A new stem cell therapy for Parkinson’s disease has just been administered to a person for the first time — and if it works as hoped, it could revolutionize how doctors treat the disease.
“[W]e maybe have a treatment that we can offer to patients…in the beginning of the disease, like a one time treatment, and that will last for the rest of the patient’s life and make it possible to reduce the medication that patients otherwise need,” said principal investigator Gesine Paul-Visse from Sweden’s Lund University.
The challenge: An estimated 8.5 million people are living with Parkinson’s, a progressive neurodegenerative disorder caused by the loss of the brain neurons that produce the chemical dopamine, which helps coordinate movement.
The shortage of dopamine leads to the hallmark symptoms of Parkinson’s, including tremors, stiffness, and impaired coordination. Medications can increase dopamine levels, but they can also cause side effects, interfere with other meds, and become less effective over time.
“The use of stem cells will, in theory, enable us to make unlimited amounts of dopamine neurons.”Roger Barker
The idea: Rather than relying on meds, Paul-Visse and her collaborators in Sweden and the UK hope to actually replace dopamine-producing nerve cells in the brains of Parkinson’s patients using embryonic stem cells, which can develop into almost any type of cell in the body.
For their therapy, STEM-PD, the researchers programmed stem cells sourced from donated embryos to turn into dopamine nerve cells. When transplanted into the brains of rodent models of Parkinson’s, the cells developed as hoped, and the animals’ motor symptoms were reversed.
The researchers have now administered the treatment to a person for the first time, and by the end of their newly launched STEM-PD trial, eight people with moderate Parkinson’s will undergo the therapy.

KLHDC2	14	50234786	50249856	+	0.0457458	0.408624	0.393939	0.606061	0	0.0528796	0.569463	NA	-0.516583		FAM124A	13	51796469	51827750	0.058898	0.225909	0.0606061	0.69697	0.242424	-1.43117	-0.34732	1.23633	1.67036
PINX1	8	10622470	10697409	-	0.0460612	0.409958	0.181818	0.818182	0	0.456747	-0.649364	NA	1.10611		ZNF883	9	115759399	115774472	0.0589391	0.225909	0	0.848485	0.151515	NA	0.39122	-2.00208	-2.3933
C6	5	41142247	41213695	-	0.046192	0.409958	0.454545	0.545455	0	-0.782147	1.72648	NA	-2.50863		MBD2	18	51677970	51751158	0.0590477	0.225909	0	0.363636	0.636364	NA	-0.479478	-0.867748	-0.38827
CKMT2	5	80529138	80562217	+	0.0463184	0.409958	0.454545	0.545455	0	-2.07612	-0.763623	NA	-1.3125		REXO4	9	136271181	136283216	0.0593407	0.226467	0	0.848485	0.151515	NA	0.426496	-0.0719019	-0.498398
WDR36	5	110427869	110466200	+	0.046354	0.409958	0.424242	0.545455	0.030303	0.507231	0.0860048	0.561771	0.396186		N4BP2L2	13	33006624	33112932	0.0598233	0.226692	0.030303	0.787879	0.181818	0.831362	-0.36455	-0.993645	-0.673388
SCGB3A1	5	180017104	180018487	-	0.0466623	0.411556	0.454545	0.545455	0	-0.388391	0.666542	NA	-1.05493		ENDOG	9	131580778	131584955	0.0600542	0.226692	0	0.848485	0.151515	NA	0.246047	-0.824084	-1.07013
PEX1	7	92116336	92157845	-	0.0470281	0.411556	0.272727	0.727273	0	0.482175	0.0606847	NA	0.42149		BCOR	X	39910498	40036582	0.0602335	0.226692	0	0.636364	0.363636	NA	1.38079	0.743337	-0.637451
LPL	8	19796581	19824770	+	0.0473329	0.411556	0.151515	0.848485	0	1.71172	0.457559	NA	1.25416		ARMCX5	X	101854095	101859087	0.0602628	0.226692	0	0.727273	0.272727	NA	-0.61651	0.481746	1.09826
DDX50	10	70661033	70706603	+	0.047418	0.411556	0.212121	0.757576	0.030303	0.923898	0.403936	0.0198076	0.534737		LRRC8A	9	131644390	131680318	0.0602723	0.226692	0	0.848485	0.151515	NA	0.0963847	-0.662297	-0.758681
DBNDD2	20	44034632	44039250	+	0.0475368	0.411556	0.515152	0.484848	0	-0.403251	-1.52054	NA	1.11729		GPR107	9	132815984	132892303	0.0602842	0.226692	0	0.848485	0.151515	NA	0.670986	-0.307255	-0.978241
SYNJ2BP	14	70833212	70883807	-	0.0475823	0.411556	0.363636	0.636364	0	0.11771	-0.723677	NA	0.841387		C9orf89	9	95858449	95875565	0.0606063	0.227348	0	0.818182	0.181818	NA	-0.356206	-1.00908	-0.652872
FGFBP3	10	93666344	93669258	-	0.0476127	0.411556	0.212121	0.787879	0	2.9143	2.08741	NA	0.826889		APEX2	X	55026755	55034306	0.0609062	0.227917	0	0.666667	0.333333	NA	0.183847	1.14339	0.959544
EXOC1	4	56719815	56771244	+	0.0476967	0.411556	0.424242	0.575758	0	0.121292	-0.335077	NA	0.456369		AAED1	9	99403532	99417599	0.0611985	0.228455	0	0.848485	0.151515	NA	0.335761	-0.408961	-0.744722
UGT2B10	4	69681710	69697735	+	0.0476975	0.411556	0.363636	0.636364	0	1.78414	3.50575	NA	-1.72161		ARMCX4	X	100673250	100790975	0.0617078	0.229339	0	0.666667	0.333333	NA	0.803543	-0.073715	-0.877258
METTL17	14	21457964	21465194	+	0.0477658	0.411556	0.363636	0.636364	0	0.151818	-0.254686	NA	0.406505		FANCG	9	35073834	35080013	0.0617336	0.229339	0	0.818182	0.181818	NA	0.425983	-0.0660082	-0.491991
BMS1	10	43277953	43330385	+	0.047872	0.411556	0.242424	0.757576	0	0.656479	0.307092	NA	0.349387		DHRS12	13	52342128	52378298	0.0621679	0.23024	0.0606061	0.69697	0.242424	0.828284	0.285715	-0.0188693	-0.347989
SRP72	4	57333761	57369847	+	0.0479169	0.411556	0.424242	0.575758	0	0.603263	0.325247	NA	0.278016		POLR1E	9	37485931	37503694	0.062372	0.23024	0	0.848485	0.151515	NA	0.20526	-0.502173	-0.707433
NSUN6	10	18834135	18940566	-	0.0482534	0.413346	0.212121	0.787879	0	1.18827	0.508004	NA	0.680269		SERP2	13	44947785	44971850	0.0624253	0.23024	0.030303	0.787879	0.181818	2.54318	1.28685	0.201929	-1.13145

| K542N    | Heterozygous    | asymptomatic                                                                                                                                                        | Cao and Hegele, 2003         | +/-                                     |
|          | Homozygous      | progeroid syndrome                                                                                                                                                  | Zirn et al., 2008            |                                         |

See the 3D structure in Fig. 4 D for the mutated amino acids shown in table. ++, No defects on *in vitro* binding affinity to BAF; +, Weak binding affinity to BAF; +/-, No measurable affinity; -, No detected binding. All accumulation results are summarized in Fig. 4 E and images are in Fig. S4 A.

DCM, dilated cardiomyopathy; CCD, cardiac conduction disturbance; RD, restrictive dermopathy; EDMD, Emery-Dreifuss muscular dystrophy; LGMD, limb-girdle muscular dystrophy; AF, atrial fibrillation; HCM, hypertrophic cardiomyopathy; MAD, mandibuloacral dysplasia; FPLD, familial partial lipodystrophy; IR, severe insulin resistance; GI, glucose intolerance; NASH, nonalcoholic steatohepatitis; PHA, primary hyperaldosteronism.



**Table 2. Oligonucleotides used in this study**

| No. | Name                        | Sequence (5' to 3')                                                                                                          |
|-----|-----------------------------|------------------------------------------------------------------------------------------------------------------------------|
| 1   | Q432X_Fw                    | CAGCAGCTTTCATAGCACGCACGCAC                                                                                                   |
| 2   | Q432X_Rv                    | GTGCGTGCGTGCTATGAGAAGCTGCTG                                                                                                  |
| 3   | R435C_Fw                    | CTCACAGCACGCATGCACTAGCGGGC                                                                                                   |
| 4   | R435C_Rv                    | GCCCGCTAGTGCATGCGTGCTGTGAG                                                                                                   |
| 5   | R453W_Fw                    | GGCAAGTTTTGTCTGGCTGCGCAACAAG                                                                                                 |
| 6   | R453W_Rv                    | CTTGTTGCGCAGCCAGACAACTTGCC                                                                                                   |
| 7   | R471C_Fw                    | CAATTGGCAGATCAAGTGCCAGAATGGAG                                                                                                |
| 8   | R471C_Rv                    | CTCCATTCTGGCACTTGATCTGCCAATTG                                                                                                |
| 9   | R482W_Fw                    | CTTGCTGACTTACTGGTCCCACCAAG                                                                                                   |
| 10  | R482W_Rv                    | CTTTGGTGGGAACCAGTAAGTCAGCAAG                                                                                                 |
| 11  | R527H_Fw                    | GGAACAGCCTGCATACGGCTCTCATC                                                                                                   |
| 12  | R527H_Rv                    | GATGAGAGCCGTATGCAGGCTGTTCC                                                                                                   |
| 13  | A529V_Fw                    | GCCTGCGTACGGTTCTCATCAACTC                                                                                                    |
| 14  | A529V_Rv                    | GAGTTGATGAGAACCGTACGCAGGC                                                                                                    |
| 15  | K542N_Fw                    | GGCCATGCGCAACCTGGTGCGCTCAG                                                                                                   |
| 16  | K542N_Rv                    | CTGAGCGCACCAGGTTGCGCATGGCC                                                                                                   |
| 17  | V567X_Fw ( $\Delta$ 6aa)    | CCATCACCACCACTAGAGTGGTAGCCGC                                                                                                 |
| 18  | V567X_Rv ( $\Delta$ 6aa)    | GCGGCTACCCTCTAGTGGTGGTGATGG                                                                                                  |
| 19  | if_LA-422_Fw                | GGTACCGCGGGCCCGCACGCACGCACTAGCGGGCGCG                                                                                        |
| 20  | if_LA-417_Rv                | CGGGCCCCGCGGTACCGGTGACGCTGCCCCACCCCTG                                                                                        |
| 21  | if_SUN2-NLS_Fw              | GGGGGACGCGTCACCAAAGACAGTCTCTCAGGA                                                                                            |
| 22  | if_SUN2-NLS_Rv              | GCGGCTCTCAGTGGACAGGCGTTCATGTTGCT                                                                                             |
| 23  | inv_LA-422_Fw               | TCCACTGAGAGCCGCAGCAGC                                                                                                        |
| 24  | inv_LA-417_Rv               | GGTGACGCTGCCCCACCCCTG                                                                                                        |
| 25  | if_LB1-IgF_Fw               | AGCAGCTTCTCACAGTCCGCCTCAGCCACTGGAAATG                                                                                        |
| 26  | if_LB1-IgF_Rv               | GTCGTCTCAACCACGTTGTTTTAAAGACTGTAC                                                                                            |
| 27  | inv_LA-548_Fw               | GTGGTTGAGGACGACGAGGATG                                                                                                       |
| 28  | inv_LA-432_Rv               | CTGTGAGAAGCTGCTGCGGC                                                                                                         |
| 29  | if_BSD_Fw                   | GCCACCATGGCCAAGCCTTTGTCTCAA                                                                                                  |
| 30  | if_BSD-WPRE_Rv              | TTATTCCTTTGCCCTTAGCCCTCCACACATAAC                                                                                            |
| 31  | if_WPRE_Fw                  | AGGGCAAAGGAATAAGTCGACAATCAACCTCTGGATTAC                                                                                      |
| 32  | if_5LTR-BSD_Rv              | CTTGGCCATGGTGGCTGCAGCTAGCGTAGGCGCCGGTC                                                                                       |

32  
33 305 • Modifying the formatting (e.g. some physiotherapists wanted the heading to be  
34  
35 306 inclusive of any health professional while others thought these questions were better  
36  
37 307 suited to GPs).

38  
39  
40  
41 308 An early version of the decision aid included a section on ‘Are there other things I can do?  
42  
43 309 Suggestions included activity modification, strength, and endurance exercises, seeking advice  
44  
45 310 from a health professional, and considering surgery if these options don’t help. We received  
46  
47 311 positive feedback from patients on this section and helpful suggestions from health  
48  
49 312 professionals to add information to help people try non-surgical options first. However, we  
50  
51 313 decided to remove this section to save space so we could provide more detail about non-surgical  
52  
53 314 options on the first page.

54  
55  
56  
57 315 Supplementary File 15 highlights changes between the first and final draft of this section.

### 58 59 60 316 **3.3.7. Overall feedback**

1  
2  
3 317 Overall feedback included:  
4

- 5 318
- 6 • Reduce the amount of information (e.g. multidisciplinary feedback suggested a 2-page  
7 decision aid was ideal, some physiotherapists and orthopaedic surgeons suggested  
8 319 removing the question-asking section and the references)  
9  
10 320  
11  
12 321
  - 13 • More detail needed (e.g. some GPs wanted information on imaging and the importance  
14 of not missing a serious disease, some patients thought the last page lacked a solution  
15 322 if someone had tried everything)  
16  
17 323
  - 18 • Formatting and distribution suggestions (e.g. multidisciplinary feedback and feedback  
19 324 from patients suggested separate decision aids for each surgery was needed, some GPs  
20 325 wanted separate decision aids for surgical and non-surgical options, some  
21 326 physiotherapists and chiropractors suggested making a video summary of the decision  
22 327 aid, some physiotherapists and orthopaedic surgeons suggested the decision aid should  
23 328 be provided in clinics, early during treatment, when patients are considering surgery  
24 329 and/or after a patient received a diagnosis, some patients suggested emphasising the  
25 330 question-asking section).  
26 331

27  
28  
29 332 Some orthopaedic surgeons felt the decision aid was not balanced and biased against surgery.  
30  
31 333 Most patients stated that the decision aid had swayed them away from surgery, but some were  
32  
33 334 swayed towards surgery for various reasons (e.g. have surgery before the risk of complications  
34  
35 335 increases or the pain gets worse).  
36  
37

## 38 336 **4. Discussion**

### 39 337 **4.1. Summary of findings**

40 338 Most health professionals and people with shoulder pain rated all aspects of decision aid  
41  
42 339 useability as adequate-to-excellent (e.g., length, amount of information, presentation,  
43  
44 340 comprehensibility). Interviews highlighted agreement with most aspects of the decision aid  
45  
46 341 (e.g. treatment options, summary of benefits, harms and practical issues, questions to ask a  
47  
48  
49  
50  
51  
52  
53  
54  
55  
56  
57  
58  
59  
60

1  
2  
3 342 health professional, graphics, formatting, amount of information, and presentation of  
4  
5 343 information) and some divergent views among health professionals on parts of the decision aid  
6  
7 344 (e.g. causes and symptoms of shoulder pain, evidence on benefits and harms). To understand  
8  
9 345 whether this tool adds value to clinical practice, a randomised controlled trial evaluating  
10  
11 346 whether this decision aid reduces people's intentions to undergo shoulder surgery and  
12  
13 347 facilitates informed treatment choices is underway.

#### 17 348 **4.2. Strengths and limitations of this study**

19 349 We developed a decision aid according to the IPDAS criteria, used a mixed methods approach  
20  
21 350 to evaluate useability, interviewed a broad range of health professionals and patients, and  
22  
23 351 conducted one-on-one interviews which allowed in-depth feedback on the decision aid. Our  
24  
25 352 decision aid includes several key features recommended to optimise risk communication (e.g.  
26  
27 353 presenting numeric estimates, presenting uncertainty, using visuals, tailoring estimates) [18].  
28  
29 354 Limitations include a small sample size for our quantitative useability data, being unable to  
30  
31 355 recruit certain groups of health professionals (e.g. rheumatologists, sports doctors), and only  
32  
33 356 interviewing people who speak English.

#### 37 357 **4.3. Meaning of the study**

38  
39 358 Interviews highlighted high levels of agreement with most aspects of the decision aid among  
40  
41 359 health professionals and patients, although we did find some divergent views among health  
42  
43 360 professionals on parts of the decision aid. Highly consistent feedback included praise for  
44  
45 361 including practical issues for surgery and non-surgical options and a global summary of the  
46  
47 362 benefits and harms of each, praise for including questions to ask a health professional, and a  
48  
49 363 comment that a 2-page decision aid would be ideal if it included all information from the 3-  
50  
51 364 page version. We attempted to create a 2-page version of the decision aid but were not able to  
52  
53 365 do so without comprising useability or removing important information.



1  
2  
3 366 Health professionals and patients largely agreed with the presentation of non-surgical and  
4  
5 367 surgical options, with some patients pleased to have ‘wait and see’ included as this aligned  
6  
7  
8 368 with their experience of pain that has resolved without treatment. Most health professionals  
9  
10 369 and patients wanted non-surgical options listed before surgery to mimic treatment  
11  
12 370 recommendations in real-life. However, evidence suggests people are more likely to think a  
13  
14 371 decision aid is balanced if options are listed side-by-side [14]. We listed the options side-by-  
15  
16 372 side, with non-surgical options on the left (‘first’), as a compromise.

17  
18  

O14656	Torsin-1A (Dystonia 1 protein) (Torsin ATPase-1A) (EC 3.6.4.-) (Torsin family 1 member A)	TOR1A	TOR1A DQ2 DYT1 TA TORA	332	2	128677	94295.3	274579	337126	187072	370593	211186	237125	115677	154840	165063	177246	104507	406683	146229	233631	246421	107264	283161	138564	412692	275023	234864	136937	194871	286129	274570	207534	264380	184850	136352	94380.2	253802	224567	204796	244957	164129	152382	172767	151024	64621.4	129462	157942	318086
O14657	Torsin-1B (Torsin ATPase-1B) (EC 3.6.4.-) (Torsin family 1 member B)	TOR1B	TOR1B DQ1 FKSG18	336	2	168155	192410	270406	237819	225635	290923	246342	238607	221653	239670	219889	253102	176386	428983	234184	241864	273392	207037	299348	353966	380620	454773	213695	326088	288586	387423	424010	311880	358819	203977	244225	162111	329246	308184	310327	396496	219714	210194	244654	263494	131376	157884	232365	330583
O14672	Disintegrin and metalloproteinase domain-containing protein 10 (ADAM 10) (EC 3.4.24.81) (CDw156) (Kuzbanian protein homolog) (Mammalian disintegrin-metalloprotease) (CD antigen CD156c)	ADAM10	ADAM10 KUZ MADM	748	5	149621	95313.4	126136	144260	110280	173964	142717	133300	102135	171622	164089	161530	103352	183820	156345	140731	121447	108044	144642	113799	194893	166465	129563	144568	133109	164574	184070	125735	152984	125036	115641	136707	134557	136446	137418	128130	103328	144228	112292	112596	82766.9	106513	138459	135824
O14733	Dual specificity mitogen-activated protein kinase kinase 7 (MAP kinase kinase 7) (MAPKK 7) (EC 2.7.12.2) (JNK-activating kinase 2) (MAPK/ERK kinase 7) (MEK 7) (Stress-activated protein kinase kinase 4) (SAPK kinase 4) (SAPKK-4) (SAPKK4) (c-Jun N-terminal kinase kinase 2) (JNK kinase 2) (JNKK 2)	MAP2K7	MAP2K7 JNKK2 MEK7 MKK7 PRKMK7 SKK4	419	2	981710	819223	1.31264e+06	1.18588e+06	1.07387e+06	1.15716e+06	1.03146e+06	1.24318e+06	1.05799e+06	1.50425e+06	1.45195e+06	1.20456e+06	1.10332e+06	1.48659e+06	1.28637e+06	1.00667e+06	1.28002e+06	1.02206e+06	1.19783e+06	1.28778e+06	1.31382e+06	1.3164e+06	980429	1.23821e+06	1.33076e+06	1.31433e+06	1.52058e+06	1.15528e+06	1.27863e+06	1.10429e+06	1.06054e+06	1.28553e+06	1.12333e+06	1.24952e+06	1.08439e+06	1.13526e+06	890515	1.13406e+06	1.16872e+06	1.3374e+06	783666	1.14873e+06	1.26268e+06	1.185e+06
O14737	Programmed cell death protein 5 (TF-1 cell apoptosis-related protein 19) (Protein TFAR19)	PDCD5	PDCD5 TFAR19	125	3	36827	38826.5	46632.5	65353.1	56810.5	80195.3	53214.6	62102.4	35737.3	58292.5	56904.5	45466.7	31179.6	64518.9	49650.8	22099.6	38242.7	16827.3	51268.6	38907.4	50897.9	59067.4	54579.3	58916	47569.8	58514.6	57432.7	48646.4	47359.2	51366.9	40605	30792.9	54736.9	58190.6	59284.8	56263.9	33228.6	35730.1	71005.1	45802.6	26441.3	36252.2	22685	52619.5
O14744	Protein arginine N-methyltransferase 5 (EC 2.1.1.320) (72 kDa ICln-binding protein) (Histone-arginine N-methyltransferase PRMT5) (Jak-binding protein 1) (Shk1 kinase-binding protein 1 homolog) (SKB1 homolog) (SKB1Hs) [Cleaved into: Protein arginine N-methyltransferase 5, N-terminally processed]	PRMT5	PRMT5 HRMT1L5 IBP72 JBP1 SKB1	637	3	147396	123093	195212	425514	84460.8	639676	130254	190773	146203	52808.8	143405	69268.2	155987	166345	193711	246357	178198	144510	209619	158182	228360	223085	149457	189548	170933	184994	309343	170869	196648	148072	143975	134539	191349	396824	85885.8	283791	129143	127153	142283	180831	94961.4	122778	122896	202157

Looking ahead: The trial’s primary goal is to assess the safety of STEM-PD, but the researchers will also be looking to see if the therapy improves symptoms, reduces the need for medication, or leads to the development of new dopamine-producing neurons in the brain.
The efficacy of the treatment won’t be apparent right away, though.
“These cells that we are transplanting are actually immature, so they need some time to mature in the adult brain, and that will take at least a year, maybe even longer,” said Paul-Visse. “So we won’t expect to see any changes before in one year’s time.”
The big picture: Treatments that work in animals often don’t translate to people, but if STEM-PD proves safe and effective, the impact could be huge, given that stem cells can be duplicated an unlimited number of times.
“The use of stem cells will, in theory, enable us to make unlimited amounts of dopamine neurons and thus opens the prospect of producing this therapy to a wide patient population,” said clinical lead Roger Barker from the University of Cambridge. “This could transform the way we treat Parkinson’s disease.”
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